But the less-obvious impact of the prolonged shutdown is becoming more apparent, as researchers attempt to access the many free federal online resources which have gone dark due to lack of staff and funding. Researchers have long been able to rely on the U.S. Government Printing Office and federal agencies for free copies of federal publications, but access during the shutdown has been unpredictable. Many websites went offline on October 1, displaying only a notice about the lack of funding. Even websites which have remained online (albeit without updates) experience frequent server outages due to lack of maintenance.
We are fortunate at Duke University to have alternative access to many of the most popular federal research materials, both in electronic and print formats. Here is a quick guide to some of the best starting places to access needed federal publications while the government websites are offline.
Agency PublicationsFederal executive branch agencies responded to the shutdown differently, depending upon the "essential" nature of their publications and services. The Federal Register, our daily record of executive branch rules, proposed rules and notices, is being updated only with items "that are directly related to the performance of governmental functions necessary to address imminent threats to the safety of human life or protection of property," and only via the Government Printing Office's FDsys site. FederalRegister.gov, a user-friendly version of FR materials dating back to 1994, remains available for historical research purposes but is not currently being updated with the FDsys materials.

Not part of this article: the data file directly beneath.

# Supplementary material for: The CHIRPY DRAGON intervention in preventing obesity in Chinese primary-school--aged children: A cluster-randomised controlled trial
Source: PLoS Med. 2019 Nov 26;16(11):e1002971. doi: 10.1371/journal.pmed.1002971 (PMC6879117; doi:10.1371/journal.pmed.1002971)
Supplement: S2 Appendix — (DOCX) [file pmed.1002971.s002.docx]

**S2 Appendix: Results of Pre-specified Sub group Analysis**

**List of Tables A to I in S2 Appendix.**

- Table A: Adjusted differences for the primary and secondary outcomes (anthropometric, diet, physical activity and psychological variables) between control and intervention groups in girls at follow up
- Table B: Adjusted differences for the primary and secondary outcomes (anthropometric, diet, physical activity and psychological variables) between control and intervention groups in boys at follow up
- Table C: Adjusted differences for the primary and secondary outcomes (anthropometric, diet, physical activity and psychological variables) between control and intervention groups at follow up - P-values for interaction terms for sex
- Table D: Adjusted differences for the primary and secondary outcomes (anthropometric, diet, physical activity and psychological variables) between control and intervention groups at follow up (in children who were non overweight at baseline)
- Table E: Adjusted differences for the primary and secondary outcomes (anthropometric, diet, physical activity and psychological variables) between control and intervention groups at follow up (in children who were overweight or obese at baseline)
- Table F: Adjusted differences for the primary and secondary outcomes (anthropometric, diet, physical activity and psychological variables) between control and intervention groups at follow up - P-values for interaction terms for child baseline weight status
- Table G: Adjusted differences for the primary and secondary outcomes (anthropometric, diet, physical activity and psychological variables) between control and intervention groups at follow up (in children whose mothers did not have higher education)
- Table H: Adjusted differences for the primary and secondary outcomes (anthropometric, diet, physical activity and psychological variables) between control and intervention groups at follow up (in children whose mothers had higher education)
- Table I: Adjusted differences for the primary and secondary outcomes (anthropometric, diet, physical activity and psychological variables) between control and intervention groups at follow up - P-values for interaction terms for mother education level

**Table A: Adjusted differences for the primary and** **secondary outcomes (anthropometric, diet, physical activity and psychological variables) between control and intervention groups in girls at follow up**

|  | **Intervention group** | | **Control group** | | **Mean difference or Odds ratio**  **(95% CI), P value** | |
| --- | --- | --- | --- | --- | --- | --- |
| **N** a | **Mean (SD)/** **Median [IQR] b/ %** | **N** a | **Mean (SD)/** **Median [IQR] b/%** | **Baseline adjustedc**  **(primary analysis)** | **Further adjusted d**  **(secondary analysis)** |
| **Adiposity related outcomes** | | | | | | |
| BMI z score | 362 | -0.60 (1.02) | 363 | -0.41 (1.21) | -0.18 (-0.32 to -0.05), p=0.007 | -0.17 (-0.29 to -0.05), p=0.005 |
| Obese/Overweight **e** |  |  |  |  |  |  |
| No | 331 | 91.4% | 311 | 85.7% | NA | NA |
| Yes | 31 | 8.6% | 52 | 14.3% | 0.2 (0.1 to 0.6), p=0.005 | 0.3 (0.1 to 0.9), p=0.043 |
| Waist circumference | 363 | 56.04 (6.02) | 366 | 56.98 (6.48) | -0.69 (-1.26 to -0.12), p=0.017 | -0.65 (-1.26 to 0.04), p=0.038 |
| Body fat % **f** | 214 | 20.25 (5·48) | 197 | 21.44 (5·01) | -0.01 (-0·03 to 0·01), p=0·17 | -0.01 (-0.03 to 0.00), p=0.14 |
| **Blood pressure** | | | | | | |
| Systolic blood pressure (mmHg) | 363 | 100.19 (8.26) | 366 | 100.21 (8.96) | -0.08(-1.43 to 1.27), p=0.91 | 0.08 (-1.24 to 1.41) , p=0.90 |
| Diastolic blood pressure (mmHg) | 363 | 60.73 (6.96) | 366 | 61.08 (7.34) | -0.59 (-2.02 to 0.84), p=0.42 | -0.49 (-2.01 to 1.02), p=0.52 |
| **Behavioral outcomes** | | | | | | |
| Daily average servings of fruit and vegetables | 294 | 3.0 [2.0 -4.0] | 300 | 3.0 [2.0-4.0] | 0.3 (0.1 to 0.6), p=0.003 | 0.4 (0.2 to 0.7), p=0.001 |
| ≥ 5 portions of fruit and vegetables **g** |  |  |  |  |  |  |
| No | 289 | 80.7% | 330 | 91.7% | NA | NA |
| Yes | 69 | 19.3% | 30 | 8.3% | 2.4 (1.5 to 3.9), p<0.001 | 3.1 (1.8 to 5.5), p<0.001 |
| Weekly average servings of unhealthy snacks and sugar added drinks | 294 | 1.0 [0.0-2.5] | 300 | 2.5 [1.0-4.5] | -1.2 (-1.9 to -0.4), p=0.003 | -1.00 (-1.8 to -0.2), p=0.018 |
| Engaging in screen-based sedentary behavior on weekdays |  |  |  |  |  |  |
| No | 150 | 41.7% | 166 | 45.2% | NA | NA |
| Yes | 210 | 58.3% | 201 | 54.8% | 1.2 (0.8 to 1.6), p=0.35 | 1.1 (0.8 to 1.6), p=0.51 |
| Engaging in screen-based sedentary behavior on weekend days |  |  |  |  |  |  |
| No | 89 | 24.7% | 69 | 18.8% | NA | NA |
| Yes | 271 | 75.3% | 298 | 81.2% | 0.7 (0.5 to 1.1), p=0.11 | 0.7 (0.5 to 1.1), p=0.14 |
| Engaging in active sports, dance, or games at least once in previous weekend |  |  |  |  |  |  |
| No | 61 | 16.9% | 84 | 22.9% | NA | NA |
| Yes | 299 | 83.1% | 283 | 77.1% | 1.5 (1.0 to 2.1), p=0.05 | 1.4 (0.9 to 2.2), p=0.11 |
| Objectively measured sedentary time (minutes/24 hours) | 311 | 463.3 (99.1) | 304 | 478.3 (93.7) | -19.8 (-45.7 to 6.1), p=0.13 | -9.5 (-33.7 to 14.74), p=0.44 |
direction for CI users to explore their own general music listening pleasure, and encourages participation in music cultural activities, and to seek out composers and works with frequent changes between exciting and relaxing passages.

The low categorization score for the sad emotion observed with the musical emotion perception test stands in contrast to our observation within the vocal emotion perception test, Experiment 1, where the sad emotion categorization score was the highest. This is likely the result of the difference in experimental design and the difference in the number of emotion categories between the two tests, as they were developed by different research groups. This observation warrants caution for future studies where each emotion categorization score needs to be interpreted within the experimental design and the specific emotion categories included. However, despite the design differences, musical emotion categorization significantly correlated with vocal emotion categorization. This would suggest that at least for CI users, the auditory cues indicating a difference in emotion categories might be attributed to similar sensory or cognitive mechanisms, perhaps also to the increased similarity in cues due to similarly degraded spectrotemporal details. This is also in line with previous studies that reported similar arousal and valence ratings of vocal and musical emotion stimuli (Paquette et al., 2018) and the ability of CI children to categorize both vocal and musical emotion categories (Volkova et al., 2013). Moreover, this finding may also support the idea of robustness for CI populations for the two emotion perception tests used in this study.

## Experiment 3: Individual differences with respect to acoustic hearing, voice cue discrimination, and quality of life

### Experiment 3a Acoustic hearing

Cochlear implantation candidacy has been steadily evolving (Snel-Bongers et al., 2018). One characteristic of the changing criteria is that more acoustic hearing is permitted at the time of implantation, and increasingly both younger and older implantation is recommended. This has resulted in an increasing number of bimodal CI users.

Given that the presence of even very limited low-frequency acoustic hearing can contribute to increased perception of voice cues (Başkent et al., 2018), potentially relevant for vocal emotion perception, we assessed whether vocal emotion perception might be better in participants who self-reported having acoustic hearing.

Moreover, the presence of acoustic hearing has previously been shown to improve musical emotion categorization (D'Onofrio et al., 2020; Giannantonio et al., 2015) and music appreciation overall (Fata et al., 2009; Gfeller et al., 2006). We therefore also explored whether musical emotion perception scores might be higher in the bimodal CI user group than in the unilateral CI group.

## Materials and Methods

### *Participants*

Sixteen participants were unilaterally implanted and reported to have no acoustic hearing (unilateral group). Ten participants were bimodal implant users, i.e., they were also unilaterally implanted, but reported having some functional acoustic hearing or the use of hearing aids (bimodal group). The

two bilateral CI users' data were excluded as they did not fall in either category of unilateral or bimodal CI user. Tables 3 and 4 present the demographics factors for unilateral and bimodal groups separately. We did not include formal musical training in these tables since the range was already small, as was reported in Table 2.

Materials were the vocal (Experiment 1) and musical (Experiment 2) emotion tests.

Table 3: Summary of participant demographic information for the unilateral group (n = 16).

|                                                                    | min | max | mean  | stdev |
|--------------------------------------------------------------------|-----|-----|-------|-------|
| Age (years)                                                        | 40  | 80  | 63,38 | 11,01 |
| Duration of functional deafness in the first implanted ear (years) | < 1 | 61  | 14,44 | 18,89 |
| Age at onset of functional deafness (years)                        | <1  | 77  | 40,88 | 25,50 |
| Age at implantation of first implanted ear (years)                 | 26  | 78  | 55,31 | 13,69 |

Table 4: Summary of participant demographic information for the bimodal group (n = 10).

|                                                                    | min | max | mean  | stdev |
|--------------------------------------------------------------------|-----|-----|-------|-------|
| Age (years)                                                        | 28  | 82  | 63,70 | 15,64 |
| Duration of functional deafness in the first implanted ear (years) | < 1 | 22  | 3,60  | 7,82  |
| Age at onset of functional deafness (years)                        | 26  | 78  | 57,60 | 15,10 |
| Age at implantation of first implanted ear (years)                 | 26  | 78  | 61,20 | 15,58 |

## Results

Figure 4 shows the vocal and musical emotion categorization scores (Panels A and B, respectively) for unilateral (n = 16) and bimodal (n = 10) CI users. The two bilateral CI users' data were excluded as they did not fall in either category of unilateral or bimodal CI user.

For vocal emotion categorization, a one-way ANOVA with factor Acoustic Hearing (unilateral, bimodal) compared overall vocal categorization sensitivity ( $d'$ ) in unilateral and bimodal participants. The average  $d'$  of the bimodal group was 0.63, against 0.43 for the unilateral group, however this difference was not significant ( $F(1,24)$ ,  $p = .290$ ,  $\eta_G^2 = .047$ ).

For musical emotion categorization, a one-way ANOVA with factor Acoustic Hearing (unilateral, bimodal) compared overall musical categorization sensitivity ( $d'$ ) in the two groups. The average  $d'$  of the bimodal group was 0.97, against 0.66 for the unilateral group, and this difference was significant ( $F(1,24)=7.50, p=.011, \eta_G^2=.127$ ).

Agency decisions, reports and other publications may still be available on some agency websites. However, if you need material from an executive agency which is not currently online (such as the Federal Trade Commission), current Duke University students, faculty and staff may be able to locate an alternate version through HeinOnline's U.S. Federal Agency Documents, Decisions and Appeals library. This library includes PDF scans of decisions and other materials from a variety of federal executive agencies. Titles can be browsed in HeinOnline or searched in the Duke Libraries Catalog, where print versions of these publications will also appear if they are available at Duke. Check out our research guide to Federal Administrative Law for other access options to executive materials.
Congressional PublicationsThe Library of Congress continues to maintain its primary sites for free federal legislative information, Congress.gov and its predecessor THOMAS. Other Library of Congress sites (including Copyright.gov and the historical audio recordings at National Jukebox) are back online as of October 3, but not being updated. Congressional documents, reports and hearings back to the mid-1990s are also available via FDsys.
If the federal sites experience outages during the shutdown, Duke University also has access to congressional publications through ProQuest Congressional and the U.S. Congressional Serial Set Digital Collection. Our research guide to Federal Legislative History lists other access options for congressional materials.